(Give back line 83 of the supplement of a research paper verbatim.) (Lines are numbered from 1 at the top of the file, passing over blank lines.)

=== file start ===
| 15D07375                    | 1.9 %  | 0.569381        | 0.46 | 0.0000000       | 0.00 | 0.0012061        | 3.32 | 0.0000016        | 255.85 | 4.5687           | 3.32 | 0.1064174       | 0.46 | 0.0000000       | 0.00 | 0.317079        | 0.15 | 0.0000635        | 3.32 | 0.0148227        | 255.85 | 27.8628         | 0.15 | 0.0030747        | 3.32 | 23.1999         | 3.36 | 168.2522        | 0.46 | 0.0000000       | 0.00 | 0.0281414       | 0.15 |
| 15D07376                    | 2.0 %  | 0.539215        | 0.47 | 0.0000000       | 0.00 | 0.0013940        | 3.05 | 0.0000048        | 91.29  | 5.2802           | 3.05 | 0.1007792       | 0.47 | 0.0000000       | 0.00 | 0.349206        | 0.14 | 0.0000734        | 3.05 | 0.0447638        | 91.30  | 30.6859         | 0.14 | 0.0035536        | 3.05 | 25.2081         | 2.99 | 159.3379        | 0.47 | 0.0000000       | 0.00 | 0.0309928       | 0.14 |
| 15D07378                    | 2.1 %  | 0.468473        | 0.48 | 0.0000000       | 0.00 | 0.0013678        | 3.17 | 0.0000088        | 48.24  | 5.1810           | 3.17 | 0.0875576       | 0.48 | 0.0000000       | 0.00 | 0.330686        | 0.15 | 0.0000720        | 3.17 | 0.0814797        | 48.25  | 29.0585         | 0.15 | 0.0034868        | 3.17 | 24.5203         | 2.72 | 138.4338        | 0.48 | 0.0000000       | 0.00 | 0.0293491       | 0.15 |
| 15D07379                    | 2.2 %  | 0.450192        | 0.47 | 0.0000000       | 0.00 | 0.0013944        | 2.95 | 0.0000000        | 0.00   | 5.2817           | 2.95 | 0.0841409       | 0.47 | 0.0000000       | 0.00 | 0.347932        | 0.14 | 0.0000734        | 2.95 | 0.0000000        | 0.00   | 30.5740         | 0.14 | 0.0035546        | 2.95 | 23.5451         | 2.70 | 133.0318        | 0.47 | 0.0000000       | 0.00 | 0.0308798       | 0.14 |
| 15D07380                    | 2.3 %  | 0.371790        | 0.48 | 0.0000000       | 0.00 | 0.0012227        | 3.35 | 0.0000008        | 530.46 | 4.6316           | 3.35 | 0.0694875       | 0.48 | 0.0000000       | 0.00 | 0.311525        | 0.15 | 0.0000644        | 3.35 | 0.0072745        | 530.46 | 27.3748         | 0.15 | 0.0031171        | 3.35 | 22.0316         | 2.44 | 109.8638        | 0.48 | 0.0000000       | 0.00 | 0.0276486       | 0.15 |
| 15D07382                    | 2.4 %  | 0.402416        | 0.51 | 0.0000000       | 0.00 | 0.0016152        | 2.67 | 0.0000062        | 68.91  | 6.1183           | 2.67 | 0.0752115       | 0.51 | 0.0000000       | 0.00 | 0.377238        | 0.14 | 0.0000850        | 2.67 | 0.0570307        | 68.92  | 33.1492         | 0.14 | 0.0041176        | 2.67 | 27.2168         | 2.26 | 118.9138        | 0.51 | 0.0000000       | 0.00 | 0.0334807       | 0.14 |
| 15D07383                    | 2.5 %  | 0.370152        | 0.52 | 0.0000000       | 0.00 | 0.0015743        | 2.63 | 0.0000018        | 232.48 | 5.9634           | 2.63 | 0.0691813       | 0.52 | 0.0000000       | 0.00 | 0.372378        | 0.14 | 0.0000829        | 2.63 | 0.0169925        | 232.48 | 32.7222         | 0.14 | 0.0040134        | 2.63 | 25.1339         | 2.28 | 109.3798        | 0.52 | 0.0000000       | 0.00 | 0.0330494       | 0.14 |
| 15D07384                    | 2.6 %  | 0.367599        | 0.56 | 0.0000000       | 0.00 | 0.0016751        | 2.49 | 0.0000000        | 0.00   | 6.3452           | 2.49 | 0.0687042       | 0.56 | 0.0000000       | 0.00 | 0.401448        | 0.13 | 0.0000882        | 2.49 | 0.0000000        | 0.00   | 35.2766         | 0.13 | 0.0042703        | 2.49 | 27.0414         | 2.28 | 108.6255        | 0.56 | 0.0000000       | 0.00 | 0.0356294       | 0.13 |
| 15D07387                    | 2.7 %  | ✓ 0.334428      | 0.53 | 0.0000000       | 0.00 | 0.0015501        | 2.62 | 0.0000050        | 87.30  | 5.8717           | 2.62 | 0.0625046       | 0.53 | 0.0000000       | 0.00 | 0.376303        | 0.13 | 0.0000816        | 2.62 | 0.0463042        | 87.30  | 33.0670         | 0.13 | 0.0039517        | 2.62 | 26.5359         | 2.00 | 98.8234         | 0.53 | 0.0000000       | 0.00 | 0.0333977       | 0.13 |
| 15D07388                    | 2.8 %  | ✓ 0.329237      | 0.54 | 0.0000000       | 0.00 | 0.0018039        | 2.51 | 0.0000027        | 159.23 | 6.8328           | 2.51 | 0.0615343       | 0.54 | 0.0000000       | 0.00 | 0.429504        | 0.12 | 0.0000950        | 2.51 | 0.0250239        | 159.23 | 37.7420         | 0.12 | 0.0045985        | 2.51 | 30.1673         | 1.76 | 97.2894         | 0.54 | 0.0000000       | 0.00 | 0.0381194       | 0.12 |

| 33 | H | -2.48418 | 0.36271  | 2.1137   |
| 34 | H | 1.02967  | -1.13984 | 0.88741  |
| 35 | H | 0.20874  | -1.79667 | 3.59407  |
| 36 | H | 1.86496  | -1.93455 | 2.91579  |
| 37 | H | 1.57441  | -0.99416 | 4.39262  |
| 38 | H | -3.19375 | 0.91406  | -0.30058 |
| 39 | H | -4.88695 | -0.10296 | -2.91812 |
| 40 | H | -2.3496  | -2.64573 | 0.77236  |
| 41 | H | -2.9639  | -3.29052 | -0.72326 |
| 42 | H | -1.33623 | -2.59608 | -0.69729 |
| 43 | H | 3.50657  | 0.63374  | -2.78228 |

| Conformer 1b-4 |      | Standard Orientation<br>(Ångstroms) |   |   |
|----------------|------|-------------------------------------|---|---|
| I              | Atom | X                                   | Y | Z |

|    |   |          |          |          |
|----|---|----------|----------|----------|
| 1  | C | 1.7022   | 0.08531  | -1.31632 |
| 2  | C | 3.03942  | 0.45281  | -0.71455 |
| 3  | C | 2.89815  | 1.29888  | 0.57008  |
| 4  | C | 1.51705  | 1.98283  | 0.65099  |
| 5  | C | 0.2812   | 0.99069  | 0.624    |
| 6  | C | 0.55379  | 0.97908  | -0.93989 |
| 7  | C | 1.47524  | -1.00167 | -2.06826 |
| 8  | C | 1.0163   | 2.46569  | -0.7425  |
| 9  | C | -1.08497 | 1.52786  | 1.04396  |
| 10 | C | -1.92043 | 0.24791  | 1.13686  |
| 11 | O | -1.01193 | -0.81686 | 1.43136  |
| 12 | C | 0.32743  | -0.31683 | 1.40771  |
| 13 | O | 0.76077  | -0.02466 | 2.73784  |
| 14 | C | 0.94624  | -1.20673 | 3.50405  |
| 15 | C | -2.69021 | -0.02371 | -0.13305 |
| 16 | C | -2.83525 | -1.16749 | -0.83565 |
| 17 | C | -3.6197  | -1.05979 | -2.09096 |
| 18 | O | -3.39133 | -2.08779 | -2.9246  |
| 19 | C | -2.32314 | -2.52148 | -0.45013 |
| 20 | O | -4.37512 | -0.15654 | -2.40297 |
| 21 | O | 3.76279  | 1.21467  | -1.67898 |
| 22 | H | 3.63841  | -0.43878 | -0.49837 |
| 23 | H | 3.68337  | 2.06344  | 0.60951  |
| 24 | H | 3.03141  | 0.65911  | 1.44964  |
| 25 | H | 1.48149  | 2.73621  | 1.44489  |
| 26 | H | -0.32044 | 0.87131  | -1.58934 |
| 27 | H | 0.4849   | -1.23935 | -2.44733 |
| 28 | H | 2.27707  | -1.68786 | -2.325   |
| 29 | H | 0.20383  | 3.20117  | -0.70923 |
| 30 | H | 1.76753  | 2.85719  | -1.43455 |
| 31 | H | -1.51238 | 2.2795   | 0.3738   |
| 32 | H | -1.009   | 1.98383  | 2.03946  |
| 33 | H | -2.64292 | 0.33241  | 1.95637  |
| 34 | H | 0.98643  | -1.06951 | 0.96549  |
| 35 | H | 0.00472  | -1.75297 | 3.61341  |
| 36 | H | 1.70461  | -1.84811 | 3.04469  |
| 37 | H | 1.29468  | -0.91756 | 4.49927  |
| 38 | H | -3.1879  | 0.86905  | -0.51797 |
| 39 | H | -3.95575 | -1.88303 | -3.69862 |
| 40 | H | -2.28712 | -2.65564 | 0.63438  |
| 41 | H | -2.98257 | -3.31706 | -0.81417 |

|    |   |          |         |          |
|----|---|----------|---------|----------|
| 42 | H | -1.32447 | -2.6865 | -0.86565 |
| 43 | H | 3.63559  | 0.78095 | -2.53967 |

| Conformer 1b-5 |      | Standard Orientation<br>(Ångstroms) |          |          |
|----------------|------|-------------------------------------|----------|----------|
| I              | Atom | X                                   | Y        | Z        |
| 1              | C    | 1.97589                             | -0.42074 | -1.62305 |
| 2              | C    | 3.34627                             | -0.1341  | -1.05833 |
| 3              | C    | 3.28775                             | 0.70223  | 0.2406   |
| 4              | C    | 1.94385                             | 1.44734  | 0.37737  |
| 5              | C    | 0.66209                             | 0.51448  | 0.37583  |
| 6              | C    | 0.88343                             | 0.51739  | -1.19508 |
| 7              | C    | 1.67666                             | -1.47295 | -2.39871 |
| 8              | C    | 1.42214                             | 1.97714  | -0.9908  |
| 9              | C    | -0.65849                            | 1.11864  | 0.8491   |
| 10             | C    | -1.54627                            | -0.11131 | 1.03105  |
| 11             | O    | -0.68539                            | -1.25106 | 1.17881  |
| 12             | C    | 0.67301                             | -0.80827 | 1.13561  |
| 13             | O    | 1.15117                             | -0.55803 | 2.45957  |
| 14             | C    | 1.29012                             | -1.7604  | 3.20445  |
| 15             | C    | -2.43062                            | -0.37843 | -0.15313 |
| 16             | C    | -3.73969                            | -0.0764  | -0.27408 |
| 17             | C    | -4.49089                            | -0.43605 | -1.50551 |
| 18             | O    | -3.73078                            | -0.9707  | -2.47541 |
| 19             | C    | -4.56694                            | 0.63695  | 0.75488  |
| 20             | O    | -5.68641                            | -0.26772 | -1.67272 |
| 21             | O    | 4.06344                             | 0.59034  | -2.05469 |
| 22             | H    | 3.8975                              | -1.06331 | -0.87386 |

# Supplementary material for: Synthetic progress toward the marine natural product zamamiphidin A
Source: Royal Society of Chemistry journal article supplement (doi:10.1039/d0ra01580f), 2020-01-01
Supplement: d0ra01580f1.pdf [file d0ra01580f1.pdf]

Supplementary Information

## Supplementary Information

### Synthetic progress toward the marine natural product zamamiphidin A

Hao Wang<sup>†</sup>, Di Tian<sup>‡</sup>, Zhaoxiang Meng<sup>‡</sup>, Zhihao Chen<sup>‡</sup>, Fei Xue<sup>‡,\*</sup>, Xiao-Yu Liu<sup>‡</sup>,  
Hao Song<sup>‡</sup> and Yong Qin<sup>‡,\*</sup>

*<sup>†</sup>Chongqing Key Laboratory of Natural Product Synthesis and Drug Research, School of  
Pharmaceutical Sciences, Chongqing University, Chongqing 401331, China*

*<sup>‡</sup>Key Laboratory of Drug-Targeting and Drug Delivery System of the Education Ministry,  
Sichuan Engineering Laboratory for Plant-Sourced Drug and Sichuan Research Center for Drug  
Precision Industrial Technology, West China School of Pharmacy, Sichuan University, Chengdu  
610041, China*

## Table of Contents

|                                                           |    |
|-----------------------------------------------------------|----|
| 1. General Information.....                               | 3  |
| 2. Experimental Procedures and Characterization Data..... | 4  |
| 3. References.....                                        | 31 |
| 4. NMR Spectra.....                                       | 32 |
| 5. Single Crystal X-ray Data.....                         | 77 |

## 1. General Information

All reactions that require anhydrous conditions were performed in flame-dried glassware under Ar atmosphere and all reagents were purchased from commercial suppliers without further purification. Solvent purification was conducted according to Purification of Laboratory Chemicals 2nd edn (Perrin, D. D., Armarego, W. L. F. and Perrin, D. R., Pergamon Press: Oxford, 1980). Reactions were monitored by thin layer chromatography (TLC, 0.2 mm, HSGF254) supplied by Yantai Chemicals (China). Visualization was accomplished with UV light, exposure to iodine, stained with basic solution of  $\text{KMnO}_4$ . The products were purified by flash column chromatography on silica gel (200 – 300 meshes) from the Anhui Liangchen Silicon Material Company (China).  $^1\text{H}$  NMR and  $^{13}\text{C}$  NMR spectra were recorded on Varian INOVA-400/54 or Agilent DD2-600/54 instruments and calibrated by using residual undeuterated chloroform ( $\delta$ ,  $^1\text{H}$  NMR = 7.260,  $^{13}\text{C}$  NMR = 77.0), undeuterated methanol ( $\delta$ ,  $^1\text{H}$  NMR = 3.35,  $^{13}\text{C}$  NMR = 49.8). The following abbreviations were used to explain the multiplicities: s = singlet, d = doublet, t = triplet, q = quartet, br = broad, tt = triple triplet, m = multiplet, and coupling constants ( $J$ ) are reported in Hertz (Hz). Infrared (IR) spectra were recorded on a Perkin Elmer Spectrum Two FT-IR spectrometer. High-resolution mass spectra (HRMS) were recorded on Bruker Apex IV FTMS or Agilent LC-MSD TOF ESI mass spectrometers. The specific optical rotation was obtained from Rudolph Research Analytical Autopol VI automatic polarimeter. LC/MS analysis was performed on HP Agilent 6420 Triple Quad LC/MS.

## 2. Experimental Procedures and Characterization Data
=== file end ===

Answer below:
| 9              | C    | -0.65849                            | 1.11864  | 0.8491   |